With a few noteworthy exceptions, however (e.g., Baumgartner, Berry, Hojnacki, Kimball, & Leech, 2009; Godwin, Ainsworth, & Godwin, 2013), there has been little attention devoted to how lobbyists actually communicate. Thus, this post-conference invites contributions addressing the topic of lobbying and democracy, and the role communication plays in this regard.

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Visuals, more visuals

Have dedicated my latest column in the practitioner magazine Kommunikasjon to findings from the latest results from the European Communication Monitor concerning visual communication. While social media and cell phones are pushing the visual agenda, practitioners are lagging behind.

Zerrfass, A., Verhoeven, P., Moreno, A., Tench, R., & Verčič, D. (2017). European Communication Monitor 2017: How strategic communication deals with the challenges of visualization, social bots and hypermodernity. Brussels, Belgium: EACD/EUPRERA.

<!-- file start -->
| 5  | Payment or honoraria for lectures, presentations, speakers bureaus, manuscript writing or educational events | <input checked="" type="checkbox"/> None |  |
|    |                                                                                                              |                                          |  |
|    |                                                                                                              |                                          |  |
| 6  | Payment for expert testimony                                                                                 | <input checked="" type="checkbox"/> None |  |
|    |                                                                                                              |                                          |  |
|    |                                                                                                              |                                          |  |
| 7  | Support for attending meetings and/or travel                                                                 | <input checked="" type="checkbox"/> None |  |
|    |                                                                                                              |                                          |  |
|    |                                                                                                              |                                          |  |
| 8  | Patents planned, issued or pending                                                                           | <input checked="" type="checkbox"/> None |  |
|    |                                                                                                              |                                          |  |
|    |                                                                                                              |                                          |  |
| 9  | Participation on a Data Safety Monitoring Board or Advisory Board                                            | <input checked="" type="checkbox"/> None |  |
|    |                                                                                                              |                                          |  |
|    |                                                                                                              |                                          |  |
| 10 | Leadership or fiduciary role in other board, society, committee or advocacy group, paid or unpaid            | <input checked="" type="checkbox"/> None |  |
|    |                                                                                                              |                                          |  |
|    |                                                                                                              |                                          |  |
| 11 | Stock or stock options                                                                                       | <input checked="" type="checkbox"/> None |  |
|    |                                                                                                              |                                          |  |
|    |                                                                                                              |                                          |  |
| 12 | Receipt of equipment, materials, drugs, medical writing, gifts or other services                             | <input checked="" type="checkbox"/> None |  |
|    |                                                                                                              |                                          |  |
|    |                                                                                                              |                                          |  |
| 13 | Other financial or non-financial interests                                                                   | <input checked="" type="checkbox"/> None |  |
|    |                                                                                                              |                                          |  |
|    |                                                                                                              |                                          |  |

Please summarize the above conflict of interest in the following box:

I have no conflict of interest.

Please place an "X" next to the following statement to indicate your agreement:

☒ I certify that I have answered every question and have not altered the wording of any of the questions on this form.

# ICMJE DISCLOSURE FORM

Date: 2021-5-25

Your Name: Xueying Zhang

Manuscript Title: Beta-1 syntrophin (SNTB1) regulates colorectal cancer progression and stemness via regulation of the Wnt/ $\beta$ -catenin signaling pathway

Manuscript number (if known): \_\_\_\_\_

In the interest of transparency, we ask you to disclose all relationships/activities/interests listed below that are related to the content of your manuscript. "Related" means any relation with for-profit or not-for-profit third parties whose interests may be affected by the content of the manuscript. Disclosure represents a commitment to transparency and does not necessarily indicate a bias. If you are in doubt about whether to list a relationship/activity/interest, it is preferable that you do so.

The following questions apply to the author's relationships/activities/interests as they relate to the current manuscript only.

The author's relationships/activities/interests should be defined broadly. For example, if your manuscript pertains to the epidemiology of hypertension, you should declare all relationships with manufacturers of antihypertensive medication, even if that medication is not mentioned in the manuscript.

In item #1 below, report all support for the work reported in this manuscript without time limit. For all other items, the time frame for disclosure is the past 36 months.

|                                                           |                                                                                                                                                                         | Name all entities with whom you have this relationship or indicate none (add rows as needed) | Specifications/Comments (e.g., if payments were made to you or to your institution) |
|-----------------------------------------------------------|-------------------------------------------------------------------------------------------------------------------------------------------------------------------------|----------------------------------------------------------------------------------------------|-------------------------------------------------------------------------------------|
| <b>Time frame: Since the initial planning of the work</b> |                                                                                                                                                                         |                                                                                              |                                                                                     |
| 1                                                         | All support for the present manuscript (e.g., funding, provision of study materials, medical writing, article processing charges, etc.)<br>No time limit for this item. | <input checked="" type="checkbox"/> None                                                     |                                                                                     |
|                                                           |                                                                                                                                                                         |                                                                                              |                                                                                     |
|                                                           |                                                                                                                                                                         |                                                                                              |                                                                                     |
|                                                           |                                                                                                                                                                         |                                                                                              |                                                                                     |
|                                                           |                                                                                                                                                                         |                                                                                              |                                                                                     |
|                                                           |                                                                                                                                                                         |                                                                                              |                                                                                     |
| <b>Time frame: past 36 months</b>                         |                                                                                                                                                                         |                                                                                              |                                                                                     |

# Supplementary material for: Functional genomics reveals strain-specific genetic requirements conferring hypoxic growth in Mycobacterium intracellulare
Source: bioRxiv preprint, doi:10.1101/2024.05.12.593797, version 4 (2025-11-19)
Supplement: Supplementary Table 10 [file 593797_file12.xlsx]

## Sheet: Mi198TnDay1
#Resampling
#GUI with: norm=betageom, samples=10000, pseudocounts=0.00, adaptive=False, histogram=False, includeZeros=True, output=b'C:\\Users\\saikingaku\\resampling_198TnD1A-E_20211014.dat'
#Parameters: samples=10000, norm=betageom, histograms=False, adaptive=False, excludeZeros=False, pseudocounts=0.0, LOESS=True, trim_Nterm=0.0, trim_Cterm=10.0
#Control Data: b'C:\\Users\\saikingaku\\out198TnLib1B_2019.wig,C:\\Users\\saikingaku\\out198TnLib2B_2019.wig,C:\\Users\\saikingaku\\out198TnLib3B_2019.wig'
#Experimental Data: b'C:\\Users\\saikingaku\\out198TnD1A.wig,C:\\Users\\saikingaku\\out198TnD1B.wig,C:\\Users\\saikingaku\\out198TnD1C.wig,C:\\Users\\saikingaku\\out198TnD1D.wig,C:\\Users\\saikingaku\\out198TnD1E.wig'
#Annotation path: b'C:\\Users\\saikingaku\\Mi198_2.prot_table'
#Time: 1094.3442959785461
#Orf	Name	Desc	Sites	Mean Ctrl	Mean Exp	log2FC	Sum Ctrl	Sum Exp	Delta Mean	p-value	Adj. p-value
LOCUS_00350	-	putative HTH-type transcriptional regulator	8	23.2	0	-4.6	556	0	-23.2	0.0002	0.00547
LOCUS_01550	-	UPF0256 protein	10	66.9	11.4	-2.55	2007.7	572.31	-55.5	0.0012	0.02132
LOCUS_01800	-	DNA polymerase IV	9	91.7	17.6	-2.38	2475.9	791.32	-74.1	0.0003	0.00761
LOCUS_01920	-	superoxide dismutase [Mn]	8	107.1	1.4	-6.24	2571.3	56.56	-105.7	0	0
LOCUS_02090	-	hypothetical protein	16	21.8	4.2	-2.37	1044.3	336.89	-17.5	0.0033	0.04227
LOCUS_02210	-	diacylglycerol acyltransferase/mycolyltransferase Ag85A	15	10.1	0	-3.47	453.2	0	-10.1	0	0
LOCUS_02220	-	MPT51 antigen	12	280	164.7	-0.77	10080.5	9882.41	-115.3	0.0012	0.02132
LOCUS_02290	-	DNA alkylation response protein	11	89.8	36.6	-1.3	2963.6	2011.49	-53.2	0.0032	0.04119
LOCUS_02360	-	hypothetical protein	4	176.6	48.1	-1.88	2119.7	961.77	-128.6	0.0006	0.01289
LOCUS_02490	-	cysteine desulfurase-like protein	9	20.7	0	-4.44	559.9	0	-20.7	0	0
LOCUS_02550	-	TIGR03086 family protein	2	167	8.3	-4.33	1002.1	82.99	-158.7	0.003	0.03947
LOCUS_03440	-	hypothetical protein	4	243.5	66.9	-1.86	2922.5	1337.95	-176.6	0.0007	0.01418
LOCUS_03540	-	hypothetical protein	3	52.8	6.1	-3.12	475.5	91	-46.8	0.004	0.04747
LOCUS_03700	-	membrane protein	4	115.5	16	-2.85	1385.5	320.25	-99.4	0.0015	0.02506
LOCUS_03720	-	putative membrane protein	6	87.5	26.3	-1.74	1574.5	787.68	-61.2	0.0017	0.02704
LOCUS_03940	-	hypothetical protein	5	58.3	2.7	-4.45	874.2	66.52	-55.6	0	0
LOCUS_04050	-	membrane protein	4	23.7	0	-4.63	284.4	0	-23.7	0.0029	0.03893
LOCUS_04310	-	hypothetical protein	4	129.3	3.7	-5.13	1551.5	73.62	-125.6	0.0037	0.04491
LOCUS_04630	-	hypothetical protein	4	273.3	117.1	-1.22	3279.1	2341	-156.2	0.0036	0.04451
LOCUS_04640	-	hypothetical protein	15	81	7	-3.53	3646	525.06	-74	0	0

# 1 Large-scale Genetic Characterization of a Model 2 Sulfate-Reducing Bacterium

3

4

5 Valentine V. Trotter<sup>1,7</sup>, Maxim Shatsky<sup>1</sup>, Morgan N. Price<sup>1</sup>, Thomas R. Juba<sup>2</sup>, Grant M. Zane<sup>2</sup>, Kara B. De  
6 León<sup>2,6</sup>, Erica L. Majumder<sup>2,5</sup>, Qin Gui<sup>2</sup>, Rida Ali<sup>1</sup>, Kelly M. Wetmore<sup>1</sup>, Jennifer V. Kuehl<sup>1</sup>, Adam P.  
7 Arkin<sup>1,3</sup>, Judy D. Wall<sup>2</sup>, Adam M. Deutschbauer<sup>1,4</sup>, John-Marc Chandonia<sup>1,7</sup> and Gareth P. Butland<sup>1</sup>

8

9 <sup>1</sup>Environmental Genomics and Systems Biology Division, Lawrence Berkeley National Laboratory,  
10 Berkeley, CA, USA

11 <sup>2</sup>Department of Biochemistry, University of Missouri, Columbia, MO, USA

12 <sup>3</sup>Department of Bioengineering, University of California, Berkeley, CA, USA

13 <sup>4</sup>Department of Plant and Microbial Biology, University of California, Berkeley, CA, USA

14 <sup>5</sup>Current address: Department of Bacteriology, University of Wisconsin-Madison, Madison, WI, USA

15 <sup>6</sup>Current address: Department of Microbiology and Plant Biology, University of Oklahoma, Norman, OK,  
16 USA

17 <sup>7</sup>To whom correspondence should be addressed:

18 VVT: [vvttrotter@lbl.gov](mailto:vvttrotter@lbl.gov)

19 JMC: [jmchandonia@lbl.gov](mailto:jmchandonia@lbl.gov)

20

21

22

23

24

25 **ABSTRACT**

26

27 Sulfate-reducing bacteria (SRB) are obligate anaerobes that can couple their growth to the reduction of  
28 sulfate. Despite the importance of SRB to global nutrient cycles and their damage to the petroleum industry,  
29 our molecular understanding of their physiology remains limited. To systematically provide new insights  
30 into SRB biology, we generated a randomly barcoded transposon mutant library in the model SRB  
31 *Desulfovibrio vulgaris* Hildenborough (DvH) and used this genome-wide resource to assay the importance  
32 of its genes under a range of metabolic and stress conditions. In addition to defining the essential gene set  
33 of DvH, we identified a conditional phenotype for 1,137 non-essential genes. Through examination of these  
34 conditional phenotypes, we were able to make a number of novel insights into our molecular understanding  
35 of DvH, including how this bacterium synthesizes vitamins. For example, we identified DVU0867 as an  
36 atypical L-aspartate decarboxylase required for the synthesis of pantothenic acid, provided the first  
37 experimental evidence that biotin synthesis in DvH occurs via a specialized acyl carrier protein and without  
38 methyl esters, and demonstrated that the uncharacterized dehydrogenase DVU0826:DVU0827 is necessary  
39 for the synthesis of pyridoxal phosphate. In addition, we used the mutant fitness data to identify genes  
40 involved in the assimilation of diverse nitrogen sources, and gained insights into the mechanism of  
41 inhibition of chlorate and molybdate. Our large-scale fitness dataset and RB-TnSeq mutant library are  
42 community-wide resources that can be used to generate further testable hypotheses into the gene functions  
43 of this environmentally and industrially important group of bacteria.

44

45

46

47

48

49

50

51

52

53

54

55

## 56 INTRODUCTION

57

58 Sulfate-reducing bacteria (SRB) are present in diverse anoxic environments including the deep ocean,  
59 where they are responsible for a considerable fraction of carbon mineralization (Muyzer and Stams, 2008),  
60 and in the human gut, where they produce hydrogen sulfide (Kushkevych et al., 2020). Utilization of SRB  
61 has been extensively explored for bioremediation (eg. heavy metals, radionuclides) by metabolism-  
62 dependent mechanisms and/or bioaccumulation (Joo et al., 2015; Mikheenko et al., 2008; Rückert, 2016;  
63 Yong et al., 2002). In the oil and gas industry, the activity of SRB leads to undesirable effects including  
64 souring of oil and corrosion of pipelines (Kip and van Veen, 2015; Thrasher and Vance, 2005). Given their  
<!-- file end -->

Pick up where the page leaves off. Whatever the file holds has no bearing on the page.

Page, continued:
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Challenges of the Bots

Have written op.ed. piece in the largest Norwegian business daily, Dagens Næringsliv (behind pay wall), about the latest results from the European Communication Monitor. I am focusing on the fact that most of the respondents thought the use of social bots raised ethical challenges. Still few think they are updated about the development and a small minority has actually used the technology for their organization.

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Digital dialogue, crisis and social media